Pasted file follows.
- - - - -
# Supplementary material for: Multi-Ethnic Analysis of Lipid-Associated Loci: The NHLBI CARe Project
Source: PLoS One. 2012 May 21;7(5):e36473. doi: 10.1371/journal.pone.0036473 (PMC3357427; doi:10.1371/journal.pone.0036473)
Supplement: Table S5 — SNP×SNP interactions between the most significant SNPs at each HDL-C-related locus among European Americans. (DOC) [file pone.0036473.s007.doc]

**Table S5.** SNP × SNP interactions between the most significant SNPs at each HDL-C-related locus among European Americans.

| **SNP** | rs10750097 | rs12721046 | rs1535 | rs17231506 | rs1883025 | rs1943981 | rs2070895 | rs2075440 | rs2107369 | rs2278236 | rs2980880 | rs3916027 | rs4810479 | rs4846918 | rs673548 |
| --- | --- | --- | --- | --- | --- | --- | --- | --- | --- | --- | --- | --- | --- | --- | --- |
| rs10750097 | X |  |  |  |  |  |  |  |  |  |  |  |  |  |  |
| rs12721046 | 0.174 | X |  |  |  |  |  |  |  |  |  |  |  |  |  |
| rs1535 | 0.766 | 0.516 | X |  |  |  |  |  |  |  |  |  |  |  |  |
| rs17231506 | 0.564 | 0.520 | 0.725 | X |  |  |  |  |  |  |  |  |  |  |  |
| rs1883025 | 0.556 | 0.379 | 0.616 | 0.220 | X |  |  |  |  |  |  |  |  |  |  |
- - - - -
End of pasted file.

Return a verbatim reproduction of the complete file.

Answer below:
# Supplementary material for: Multi-Ethnic Analysis of Lipid-Associated Loci: The NHLBI CARe Project
Source: PLoS One. 2012 May 21;7(5):e36473. doi: 10.1371/journal.pone.0036473 (PMC3357427; doi:10.1371/journal.pone.0036473)
Supplement: Table S5 — SNP×SNP interactions between the most significant SNPs at each HDL-C-related locus among European Americans. (DOC) [file pone.0036473.s007.doc]

**Table S5.** SNP × SNP interactions between the most significant SNPs at each HDL-C-related locus among European Americans.

| **SNP** | rs10750097 | rs12721046 | rs1535 | rs17231506 | rs1883025 | rs1943981 | rs2070895 | rs2075440 | rs2107369 | rs2278236 | rs2980880 | rs3916027 | rs4810479 | rs4846918 | rs673548 |
| --- | --- | --- | --- | --- | --- | --- | --- | --- | --- | --- | --- | --- | --- | --- | --- |
| rs10750097 | X |  |  |  |  |  |  |  |  |  |  |  |  |  |  |
| rs12721046 | 0.174 | X |  |  |  |  |  |  |  |  |  |  |  |  |  |
| rs1535 | 0.766 | 0.516 | X |  |  |  |  |  |  |  |  |  |  |  |  |
| rs17231506 | 0.564 | 0.520 | 0.725 | X |  |  |  |  |  |  |  |  |  |  |  |
| rs1883025 | 0.556 | 0.379 | 0.616 | 0.220 | X |  |  |  |  |  |  |  |  |  |  |